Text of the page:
Cupid Agonistes Apr 15, 2001
No doubt Allingham fans will remember Uncle William from "Police at the Funeral." William's near miss with the British legal system and the death of his mother having left him at loose ends, so he decides to write his memoirs. Having lived an unexceptional life, William decides to make it up out of whole cloth. Unexpectedly, the book, "Memoirs of an Old Buffer," becomes a comic bestseller. To ice the cake, a musical review, starring Jimmy Sutane, the dancer, is a runaway success. All should be roses.
Unfortunately, this is not the case. Freak accidents and practical jokes have dogged the cast of the play, and nerves are running high. Uncle William calls in Albert Campion to help resolve the problems and return things to normal. After a backstage visit Campion accepts an invitation to Sutane's country house, where he meets Sutane's long time friend Squire Mercer, his understudy Benny Konrad, supporting actress Chloe Pye, and many other players in the drama about to unfold. Much to Campion's shock he find's himself stricken by Suntane's wife, Linda. Everything comes to a head when Chloe Pye falls off a road bridge directly in front of Sutane's moving vehicle. The inquest is inconclusive, unable to decide if se was pushed, fell, or jumped.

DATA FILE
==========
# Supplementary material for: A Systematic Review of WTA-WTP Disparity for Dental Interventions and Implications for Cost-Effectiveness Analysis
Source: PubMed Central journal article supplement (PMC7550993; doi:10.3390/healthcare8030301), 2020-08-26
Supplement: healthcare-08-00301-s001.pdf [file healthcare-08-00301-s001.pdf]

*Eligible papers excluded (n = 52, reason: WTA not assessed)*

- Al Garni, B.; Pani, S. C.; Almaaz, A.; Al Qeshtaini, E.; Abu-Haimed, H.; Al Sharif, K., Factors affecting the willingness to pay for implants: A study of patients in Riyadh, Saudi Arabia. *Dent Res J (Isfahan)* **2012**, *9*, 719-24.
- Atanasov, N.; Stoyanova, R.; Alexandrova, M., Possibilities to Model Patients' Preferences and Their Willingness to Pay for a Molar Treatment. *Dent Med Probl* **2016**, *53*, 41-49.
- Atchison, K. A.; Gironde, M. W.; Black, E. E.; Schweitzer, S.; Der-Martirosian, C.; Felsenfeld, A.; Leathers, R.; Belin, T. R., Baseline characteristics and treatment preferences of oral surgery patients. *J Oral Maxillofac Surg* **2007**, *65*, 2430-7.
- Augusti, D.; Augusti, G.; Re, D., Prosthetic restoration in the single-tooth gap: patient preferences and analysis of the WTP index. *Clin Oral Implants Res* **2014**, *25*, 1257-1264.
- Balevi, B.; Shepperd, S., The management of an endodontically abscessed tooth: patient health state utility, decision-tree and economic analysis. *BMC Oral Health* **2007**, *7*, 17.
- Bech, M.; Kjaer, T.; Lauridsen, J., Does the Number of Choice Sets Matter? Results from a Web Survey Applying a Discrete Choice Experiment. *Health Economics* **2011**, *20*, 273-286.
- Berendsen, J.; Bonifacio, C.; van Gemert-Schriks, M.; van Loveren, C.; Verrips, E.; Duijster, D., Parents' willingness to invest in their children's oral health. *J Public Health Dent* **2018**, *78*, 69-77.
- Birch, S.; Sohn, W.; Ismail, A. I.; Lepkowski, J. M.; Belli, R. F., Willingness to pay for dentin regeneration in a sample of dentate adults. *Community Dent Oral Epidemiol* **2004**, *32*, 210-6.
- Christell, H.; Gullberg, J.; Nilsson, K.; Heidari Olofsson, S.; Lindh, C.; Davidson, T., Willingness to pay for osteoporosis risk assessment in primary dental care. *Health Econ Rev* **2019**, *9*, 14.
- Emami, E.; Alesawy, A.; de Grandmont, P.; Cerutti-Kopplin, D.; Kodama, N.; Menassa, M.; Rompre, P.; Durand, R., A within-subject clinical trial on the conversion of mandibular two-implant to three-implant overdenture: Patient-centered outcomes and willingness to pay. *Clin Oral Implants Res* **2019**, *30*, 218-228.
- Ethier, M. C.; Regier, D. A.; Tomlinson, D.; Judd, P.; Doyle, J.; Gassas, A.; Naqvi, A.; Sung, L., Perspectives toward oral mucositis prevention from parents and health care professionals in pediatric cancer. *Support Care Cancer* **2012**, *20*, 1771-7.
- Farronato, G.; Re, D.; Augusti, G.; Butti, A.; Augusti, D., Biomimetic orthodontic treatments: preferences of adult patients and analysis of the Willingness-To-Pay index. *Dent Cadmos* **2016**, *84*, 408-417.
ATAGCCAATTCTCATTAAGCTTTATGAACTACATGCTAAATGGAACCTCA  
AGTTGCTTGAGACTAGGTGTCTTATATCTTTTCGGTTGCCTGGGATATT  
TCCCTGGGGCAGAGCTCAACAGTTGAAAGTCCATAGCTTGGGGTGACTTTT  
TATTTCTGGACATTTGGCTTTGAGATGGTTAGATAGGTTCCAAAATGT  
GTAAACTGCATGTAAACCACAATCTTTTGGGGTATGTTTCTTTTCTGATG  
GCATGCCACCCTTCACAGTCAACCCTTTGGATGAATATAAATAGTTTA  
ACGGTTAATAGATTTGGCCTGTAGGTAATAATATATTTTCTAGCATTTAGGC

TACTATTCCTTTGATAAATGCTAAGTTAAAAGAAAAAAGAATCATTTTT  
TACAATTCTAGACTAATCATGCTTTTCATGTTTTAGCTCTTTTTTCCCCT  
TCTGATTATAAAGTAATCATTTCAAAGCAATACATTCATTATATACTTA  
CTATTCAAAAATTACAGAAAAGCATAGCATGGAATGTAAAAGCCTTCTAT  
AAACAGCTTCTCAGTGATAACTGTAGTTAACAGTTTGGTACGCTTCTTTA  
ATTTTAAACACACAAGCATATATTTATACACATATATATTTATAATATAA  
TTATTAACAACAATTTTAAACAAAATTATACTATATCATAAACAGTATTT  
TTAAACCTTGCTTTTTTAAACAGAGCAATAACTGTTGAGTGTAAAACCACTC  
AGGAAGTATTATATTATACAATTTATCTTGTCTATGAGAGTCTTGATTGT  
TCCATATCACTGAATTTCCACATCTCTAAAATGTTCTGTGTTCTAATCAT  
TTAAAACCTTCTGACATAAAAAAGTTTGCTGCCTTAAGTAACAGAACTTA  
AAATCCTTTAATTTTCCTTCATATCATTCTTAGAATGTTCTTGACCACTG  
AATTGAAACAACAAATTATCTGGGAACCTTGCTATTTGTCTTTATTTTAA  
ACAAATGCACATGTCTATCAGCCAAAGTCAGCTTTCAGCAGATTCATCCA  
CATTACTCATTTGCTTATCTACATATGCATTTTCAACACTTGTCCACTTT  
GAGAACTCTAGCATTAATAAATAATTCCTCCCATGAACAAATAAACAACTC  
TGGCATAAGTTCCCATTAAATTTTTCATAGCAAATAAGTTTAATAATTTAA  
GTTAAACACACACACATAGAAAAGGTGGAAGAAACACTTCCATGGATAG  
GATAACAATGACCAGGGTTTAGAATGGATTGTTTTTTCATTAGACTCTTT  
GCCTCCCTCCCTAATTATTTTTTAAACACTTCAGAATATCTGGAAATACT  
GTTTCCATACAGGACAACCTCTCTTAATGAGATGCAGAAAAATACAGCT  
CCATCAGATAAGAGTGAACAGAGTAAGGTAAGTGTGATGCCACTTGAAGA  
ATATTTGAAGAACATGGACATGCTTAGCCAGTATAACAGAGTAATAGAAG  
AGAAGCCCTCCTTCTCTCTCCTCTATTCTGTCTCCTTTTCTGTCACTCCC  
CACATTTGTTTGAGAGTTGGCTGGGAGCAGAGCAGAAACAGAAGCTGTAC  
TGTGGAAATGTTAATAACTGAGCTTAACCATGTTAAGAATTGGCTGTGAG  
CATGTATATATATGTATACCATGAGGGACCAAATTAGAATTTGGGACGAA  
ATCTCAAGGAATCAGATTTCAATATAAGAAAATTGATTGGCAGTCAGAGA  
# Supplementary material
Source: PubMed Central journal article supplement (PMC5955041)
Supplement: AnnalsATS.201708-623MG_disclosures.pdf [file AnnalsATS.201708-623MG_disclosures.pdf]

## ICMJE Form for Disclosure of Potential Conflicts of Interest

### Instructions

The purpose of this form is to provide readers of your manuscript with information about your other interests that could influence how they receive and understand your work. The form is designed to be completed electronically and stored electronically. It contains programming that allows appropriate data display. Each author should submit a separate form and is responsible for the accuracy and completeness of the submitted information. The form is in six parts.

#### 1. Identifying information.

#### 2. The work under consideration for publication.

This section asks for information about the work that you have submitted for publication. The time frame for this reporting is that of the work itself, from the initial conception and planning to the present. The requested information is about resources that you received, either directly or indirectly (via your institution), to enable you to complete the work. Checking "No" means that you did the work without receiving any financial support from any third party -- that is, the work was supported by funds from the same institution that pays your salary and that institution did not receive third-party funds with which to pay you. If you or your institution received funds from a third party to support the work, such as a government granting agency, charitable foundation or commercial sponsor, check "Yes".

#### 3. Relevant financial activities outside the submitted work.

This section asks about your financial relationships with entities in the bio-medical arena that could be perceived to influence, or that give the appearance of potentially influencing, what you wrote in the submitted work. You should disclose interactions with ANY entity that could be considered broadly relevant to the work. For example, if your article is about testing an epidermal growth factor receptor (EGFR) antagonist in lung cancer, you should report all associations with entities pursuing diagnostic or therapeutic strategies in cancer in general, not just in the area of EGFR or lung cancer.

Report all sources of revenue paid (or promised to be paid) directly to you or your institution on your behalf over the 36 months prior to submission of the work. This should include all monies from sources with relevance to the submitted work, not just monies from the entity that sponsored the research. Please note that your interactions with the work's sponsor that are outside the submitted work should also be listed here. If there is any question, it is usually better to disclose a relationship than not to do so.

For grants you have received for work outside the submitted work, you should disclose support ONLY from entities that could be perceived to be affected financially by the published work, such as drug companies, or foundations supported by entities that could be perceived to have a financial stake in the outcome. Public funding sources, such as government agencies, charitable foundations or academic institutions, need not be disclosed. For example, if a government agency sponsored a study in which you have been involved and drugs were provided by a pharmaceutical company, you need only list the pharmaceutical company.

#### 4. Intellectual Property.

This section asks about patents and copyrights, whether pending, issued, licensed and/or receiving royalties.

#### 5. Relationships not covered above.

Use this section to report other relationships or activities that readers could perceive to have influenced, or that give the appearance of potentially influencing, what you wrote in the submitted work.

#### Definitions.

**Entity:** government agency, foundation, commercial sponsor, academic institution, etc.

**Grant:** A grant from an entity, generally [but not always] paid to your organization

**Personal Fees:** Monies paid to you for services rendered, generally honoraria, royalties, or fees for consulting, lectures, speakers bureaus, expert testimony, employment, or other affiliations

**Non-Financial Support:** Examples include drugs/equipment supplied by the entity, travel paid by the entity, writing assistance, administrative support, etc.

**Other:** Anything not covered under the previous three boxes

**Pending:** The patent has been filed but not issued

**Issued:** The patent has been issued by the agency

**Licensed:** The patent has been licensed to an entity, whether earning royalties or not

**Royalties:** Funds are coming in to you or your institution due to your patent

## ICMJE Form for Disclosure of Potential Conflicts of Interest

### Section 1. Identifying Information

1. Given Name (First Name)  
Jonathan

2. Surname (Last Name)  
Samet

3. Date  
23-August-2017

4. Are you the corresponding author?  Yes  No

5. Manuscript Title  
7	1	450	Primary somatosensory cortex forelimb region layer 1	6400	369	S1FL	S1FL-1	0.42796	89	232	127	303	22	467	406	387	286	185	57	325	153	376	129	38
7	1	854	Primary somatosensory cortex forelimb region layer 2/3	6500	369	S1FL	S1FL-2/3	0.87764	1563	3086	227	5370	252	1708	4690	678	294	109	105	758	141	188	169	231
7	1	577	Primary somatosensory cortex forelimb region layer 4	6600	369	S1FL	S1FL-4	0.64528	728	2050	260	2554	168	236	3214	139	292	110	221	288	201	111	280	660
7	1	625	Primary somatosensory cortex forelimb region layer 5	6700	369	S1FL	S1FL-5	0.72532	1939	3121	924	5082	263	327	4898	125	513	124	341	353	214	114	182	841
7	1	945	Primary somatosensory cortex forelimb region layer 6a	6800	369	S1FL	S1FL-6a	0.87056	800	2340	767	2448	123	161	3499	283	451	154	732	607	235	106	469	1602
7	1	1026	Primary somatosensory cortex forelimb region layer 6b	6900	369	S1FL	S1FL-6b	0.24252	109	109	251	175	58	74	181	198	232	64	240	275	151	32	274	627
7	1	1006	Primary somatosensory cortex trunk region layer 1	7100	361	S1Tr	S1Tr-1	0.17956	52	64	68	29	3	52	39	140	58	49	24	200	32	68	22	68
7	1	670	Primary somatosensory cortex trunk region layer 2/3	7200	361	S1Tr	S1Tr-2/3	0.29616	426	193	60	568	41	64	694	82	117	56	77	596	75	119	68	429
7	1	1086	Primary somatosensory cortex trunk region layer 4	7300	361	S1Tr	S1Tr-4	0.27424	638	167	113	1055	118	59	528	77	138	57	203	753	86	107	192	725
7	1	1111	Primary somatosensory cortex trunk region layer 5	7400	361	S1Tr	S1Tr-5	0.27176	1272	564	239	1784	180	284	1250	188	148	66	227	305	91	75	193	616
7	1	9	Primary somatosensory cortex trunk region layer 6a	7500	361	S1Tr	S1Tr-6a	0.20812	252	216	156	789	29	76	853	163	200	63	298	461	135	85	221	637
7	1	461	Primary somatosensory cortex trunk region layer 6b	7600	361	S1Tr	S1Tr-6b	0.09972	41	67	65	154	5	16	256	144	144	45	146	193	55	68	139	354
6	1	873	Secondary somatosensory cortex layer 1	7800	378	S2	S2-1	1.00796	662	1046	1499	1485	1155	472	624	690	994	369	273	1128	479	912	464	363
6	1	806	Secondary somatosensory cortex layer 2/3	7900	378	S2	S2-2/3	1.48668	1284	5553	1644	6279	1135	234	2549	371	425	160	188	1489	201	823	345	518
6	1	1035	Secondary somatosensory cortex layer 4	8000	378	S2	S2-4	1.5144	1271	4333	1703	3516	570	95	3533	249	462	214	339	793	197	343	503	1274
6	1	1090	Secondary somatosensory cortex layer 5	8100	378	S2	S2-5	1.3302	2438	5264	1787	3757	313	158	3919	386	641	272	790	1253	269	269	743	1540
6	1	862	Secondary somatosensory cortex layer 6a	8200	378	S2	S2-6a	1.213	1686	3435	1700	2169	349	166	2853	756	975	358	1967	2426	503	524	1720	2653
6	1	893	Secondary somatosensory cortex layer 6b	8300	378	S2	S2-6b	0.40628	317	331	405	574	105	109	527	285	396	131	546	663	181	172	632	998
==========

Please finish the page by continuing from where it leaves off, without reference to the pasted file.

Completely befuddled by his feelings for Linda, Campion has difficulty focussing on the case. He withdraws, providing help only sporadically. Not even the sudden tragedy of the bombing murder of Benny Konrad, which leaves 15 people dead or injured, seems to rouse him from this state. Finally, it is the pleas of Linda herself that arouse him to the hunt again. Even so, it is an unwilling Campion that follows the trails to their inevitable, tragic conclusion.
This is one of Allingham's most difficult books. Truly, we are not used to an unwilling Campion. Without the precious antics of Magersfontein Lugg, Campion's manservant, the overall tone of the book would be darkly somber. Yet the writing is some of her best. Character depictions are deep and well made. There are moments in the dialog and narrative that attain an almost poetic clarity. The plot is complex and moves along well. And, for those of us who do not always pay close attention, the ending is a bit of a surprise. Allingham has wandered onto uncharted waters in "Dancers in Mourning," and she has done very well.
Wonderful mystery May 1, 1999
Margery Allingham is a great writer. Albert Campion is a classic figure in mystery literature and I hope they never stop reprinting her books. I haven't been able to read many Allingham books but I can say that this is one of her best. The mystery is fascinating and she provides a wonderful twist in the plot right in the end. Just when you think it's all figured out. Wham! Even Campion is shocked. This is the first Allingham I read and I was hooked. Campion is such an intrigueing character. Sometimes he's not even the main character in her books, but he's still a force to be reckoned with. A character that adds much warmth and richness to Allingham's books and particularly this one, is Magersfontein Lugg, Campion's valet, butler, cook, etc. He also happens to be a former burglar, I believe. Writers like Allingham don't happen all the time and I wish I had discovered her sooner. Any book written by her is bound to be good and I also recommend Tiger in the Smoke. Wonderful suspense too.